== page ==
The arrival of a new pavilion dedicated to estate jewelry and watches at this year’s JCK Las Vegas has us champing at the bit in anticipation of what this gathering of prestigious dealers may be packing. You, too?
If vintage watches are your priority, you may be shopping with a specific client’s wish list in mind or trying to round out your current collection with exceptional finds. You may or may not have a handle on the models that are most in demand—the market is so niche, with the tiniest details determining a vintage timepiece’s rarity and perceived value, that it can be a challenge to stay on top of it all.
So, what are collectors craving? We put the question to Hamilton Powell, founder of Crown & Caliber, a top online marketplace specializing in preowned luxury watches (we recently reported on their trade-in program in collaboration with Jared The Galleria of Jewelry).
Below, five sought-after models that will appeal to both the seasoned watch enthusiast and the recent convert looking to acquire a sound investment with an intriguing backstory.
The oldest and rarest versions of the pictured watches fall into the holy grail category, but keep your eyes peeled, and you may get lucky.
The treasure hunt begins June 1—see you there!
Rolex Paul Newman Daytona
Paul Newman’s Daytona watch was the most expensive wristwatch ever sold at auction, adding an extra layer of prestige and desirability to an already-coveted vintage model. Pay attention to the dial, which should feature Art Deco sub-dial numerals and square-end sub-dial hash marks—this is what differentiates a regular Rolex Daytona from a Paul Newman Daytona. The case, bracelet, and movement are the same for both watches.
Omega Speedmaster Moonwatch
“Moonwatches with the 321 calibre are the most collectible,” says Powell. “Although Neil Armstrong was the first man on the moon, he left his Speedmaster on the Lunar Module, so Buzz Aldrin’s Speedmaster was technically the first watch to be worn on the moon.” Both astronauts owned the Speedmaster model known as ref: ST105.012—the first of the Moonwatches and the last to include the 321 calibre (more on that here).
Omega produced the 321 calibre—the type used in Armstrong’s and Aldrin’s Speedmasters—for 11 years starting in 1942. Later Moonwatch models used the 861 or 1861 calibres, which are updated versions of the 321, but they’re more plentiful, making them a lot less collectible.
The first Heuer Autavia wristwatch debuted in 1962, and its name is a mash-up of its target markets (automotive and aviation). Why Autavia? Why now? TAG Heuer released a tribute to one of the early Autavias in 2017 (this was the culmination of the Autavia Cup, an interactive campaign launched during Baselworld 2016 that invited the brand’s community of fans, collectors, and connoisseurs to choose the historic model that would inspire the design and components of the next-generation version for 2017). Clearly the resulting publicity and insider chatter among watch enthusiasts has awakened a new awareness, and demand for, all manner of vintage Autavia chronographs.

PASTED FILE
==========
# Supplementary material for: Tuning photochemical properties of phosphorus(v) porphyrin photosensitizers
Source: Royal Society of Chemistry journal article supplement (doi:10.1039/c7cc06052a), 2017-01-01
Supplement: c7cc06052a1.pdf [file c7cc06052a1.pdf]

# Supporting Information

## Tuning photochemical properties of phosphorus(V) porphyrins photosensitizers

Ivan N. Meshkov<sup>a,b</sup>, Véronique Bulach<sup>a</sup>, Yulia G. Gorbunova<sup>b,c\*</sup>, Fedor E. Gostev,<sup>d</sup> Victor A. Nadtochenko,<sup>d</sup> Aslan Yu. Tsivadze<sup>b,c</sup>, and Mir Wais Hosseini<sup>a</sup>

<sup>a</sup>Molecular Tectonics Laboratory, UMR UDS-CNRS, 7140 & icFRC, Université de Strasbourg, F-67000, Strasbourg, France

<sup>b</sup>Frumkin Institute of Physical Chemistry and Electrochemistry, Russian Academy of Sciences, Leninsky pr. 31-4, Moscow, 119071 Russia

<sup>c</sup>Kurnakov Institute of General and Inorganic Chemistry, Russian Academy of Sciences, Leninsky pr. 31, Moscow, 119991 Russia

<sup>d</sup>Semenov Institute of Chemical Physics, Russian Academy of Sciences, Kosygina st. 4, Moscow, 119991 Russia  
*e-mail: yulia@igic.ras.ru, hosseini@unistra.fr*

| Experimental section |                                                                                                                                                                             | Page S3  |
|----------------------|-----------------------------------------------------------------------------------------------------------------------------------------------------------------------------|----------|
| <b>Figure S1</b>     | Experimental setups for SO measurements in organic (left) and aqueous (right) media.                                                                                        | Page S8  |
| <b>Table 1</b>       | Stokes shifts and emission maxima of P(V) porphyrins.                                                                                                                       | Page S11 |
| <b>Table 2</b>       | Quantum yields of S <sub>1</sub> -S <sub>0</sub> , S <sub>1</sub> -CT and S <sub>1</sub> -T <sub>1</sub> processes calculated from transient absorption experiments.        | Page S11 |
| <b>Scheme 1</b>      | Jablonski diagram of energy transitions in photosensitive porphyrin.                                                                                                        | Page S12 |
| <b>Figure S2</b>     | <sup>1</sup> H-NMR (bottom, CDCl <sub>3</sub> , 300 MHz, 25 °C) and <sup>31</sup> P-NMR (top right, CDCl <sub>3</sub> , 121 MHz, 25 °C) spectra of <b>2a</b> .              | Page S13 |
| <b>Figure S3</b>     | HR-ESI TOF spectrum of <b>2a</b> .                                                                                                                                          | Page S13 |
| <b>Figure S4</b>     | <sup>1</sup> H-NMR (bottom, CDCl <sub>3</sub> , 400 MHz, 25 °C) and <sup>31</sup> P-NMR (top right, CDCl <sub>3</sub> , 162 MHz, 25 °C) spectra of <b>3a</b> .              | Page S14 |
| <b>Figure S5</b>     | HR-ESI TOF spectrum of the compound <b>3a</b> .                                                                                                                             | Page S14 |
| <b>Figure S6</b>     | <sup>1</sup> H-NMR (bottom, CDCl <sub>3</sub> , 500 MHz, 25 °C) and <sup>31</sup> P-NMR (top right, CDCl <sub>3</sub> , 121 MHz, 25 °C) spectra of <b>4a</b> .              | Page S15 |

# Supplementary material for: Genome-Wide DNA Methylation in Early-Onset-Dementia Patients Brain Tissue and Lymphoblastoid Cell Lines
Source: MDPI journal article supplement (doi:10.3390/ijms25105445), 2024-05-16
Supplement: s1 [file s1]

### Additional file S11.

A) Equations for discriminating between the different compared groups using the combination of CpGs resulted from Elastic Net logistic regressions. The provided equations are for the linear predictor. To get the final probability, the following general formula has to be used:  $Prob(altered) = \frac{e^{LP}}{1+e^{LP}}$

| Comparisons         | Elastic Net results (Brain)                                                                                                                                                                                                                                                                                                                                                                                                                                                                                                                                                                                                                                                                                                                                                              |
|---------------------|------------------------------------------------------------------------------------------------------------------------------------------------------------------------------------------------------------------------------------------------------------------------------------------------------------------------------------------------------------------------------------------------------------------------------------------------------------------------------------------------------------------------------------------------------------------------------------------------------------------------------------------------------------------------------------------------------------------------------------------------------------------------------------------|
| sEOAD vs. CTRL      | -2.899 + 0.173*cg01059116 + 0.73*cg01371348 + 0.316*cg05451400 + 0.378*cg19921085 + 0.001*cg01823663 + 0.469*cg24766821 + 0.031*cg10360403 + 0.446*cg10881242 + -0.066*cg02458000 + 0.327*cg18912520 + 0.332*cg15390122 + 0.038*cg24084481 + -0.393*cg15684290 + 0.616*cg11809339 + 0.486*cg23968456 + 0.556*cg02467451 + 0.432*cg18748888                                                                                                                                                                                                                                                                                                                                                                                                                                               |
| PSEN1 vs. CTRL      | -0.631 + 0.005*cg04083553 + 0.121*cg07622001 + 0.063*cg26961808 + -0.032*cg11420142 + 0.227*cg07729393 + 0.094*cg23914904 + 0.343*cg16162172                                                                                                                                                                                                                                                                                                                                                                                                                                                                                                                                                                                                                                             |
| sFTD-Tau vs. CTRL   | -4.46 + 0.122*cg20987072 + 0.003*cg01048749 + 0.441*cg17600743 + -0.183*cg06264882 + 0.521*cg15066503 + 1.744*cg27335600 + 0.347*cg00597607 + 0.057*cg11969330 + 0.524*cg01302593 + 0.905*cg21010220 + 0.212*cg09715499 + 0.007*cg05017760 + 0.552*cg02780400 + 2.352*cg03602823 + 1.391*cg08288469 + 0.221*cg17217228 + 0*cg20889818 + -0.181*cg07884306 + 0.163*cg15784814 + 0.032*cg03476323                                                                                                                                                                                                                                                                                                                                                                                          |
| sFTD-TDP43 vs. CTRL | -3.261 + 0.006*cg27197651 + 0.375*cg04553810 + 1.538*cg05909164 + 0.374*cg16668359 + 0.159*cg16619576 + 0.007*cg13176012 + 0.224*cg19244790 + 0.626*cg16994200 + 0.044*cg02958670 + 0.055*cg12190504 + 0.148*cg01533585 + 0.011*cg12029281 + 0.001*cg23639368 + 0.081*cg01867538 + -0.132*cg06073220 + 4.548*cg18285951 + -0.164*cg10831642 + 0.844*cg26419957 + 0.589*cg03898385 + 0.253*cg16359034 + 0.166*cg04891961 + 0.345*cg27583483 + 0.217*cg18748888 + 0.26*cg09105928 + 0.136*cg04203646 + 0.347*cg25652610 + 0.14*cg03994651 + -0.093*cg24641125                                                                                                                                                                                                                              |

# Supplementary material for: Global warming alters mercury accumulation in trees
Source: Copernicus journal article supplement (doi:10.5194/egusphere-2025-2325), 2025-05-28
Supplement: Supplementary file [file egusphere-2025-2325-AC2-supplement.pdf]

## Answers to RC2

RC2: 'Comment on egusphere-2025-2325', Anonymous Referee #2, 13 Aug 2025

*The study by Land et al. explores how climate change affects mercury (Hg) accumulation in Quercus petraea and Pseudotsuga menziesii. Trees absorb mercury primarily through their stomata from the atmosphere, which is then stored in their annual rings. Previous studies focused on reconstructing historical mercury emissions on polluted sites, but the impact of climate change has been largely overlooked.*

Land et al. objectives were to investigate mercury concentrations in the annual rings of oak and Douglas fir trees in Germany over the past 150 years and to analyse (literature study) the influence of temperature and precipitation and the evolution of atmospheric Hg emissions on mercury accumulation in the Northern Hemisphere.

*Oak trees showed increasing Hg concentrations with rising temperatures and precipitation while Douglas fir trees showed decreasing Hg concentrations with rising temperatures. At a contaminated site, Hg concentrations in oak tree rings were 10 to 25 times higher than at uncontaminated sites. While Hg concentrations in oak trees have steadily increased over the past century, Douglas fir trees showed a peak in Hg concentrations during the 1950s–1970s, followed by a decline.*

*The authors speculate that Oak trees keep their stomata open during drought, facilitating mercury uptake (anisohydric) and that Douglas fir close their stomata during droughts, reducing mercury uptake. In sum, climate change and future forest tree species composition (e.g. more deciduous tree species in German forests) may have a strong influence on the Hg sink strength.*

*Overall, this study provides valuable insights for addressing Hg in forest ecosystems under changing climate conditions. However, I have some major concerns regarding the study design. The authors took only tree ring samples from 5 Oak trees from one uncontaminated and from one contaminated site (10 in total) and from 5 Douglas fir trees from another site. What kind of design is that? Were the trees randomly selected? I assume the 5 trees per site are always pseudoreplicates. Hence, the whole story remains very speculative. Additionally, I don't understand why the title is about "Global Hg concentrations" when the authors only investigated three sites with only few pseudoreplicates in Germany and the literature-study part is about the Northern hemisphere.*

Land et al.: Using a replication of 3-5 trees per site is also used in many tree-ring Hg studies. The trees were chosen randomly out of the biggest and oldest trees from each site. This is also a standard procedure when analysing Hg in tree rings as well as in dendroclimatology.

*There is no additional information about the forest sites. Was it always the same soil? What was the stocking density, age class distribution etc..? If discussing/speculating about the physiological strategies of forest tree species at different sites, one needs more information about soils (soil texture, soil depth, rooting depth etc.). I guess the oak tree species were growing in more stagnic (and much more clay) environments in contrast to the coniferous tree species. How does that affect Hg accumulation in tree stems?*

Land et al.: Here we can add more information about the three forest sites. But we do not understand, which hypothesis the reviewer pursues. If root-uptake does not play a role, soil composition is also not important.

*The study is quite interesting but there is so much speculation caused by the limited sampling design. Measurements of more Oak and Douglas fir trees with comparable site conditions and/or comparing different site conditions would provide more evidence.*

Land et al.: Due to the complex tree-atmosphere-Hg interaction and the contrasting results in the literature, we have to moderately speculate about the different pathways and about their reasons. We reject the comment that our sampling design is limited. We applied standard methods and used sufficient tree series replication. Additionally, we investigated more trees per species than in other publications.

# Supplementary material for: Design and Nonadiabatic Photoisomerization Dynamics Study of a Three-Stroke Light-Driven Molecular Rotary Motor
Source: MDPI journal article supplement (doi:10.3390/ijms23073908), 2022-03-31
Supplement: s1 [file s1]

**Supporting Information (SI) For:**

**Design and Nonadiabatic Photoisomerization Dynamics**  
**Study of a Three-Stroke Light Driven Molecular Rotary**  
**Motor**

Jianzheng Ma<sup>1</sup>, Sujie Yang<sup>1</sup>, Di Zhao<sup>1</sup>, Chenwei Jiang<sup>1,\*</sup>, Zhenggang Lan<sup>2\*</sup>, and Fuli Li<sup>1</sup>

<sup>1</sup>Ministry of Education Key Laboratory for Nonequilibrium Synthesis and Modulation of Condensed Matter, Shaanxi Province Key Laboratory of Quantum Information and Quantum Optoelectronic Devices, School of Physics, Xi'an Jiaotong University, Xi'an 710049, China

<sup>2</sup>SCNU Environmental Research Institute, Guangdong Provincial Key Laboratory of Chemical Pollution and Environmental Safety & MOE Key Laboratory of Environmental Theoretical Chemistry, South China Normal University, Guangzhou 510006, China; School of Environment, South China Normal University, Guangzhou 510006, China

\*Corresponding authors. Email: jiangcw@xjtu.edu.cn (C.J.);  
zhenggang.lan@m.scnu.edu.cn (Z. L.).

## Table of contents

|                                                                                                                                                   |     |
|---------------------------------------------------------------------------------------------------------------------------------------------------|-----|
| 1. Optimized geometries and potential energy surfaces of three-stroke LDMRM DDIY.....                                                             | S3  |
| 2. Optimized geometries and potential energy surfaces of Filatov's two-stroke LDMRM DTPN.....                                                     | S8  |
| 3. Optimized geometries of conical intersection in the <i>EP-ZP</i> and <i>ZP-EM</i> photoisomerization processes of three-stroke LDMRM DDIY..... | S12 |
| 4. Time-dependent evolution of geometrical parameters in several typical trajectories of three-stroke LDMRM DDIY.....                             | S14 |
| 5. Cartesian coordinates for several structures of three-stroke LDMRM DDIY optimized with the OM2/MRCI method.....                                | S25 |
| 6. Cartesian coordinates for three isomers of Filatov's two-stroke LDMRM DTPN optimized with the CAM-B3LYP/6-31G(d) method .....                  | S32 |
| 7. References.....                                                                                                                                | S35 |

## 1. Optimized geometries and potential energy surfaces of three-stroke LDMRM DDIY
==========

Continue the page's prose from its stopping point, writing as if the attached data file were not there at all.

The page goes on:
Blancpain Fifty Fathoms
This year marks the 65th anniversary of Blancpain’s Fifty Fathoms, and milestone anniversaries of iconic timepieces tend to ignite, or revive, interest in the model being celebrated. “In the ’50s scuba diving really started to boom, so watch companies began to develop dive watches,” says Powell. “Blancpain’s Fifty Fathoms is arguably the first watch purposely made for diving.” (It, in fact, predates the better-known Rolex Submariner.) Many vintage variations of the Fifty Fathoms watch are available from dealers and at auction; the most covetable of these include Aqua Lungs (made famous by Jacques Cousteau), those with Tornek-Rayville dials that were commissioned for the U.S. military, and those marked with the famous radiation-warning symbol (mid to late 1960s), which differentiate civilian-friendly Fifthy Fathoms from those zoned for military use (the latter used radioactive luminescent materials).
Omega Seamaster 300
Omega’s answer to the dive watches released by Blancpain and Rolex arrived on the scene in 1957. Called the Seamaster 300, the beloved original model is known to watch enthusiasts as CK2913. “It was produced for only seven years and is rarer than Rolex Submariners made around the same time, yet they are not nearly as expensive,” says Powell. “The thin, coin-edge bezels were made of Bakelite, an acrylic that broke fairly easily, so finding a CK2913 in good condition with the original bezel is very rare.” Of course, you may prefer a flashier James Bond variation from the 1990s.
Top: Image via: @vintagespeedmaster
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